Drawing Your Own Conclusions
“Rumor is a pipe blown by surmises, jealousies, conjectures. ...”
— William Shakespeare1
Leaders should form their own conclusions about employees, rather than listen to others. Those who have concerns about an employee’s work performance, whether heard, perceived, or observed, should talk to the individual. Misunderstandings, misinterpretations, and miscommunications cause too many problems in the workplace.
For one employee, a misunderstanding and misinterpretation negatively affected not only his professional reputation but also his organization’s mission. As other employees became aware of what was going on, their concern for their new coworker resulted in lower morale. Some felt the injustice as if it were their own, and they began to view their leaders in a different light.
The employee, Howard, transferred to another division in his organization and enthusiastically jumped into his new role. He was eager to learn — it was a position he had coveted for years. Within a few weeks, Howard realized his new supervisor, Lynn, was assigning him only insignificant projects that seemed more like busy work. Further, while Lynn noticeably spent time reviewing assignments and strategies with other employees, she seemed to avoid Howard and appeared to quickly end conversations they did have. Perplexed, Howard asked several coworkers if they experienced this behavior with Lynn. No one had.
Nervously, Howard approached Lynn with his concerns. Fortunately, Lynn was transparent and honest. She admitted she had heard Howard caused problems in a former position, and she did not trust him. Unfortunately, Lynn had formed an opinion about Howard even before he began working for her. This opinion, based on just one side of the story, was largely a misinterpretation, rather than an indication Howard was anything less than a respected and hardworking employee.
Benefit of the Doubt
In such situations, leaders should give employees the benefit of the doubt and ask themselves several questions: What repeated actions do they observe? Are they giving employees a chance to prove themselves or judging them on what someone else has seen or said? Are they practicing two of the keys to effective leadership — open communication and open-mindedness?
Leaders should never assume what they hear is the whole story, regardless of where or from whom it originates, including those with whom they have close working relationships. By putting themselves in the employee’s position, what leader (or any other employee) would not hope for the benefit of the doubt?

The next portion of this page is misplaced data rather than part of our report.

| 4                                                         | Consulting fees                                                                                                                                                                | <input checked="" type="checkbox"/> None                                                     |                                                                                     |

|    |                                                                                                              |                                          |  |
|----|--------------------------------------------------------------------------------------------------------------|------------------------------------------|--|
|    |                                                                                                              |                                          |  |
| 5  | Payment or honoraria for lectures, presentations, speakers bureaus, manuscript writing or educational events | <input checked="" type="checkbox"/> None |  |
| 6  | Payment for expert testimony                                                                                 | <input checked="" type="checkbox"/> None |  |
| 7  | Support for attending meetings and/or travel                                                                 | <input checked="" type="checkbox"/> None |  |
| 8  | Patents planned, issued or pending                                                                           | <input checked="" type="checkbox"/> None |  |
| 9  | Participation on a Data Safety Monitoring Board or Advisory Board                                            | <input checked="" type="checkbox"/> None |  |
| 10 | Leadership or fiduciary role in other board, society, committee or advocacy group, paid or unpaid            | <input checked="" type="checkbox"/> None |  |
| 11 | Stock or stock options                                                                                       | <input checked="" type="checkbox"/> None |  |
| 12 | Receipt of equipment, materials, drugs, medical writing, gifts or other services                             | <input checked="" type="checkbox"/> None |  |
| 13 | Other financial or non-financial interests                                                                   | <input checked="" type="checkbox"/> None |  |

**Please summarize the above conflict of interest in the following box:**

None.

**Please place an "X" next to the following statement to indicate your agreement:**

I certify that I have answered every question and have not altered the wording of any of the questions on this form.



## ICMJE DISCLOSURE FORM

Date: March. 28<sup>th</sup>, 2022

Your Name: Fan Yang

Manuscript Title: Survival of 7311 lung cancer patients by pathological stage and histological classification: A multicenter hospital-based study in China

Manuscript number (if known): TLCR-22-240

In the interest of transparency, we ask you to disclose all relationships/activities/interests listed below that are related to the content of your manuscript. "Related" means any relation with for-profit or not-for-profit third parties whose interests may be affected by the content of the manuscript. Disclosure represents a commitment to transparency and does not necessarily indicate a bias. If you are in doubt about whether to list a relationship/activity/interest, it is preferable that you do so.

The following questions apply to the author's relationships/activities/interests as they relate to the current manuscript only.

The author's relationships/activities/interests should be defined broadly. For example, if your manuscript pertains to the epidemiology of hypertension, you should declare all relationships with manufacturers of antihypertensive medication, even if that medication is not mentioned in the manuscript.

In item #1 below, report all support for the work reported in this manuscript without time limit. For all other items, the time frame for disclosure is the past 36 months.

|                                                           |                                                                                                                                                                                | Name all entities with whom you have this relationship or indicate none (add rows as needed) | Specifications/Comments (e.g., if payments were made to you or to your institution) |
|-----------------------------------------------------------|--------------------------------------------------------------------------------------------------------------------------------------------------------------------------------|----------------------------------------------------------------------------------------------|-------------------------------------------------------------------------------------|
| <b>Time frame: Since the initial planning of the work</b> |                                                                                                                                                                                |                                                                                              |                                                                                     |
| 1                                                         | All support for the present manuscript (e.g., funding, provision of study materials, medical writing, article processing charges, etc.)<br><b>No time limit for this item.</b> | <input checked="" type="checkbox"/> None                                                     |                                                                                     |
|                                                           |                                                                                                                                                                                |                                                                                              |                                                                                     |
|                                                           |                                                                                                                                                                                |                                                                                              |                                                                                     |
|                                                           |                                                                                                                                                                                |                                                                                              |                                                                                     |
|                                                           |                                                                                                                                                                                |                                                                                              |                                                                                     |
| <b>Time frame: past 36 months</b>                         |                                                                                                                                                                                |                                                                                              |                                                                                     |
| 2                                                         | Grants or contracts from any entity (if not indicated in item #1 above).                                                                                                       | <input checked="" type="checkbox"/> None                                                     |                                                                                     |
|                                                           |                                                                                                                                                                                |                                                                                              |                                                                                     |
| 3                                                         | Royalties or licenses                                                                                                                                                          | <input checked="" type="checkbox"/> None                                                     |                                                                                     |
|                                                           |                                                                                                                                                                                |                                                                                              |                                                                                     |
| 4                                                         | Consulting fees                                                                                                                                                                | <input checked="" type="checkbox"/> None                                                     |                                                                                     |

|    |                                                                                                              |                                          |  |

Value of Trust
Rumor mills exist in every organization, particularly when it involves incoming new personnel. Most of us have heard the saying “There are three sides to a story: yours, mine, and the truth.” Depending on the manner and extent of the comments, serious consequences can exist for those who defame another’s character.
If leaders have concerns with an employee, they should schedule time and ensure a safe environment so the individual can share their perspective. Only through such ways can trust be established. This does not mean trusting blindly, but rather giving employees the benefit of the doubt and practicing open communication. Leaders must be authentic, consistent, and create two-way communication with employees to build and maintain trust. Employees who feel leaders trust them typically show higher rates of performance, engagement, loyalty, commitment, and morale. One person’s negative perception will likely affect many with whom they work, spreading rapidly with less than favorable results.
All employees have opinions about colleagues based on both professional and personal interactions. Leaders must be sensitive to the possibility that what they hear or perceive may be inaccurate. To that end, leaders should continually practice open communication with employees. To earn employees’ trust, leaders must trust them and give them the benefit of the doubt.
Dr. Cynthia L. Lewis, an instructor in the Leadership Education Unit at the FBI Academy, prepared this Leadership Spotlight. She can be reached at firstname.lastname@example.org.
1 “Rumor,” Bartleby.com, accessed October 26, 2021, https://www.bartleby.com/348/1156.html.
“Misunderstandings, misinterpretations, and miscommunications cause too many problems in the workplace.”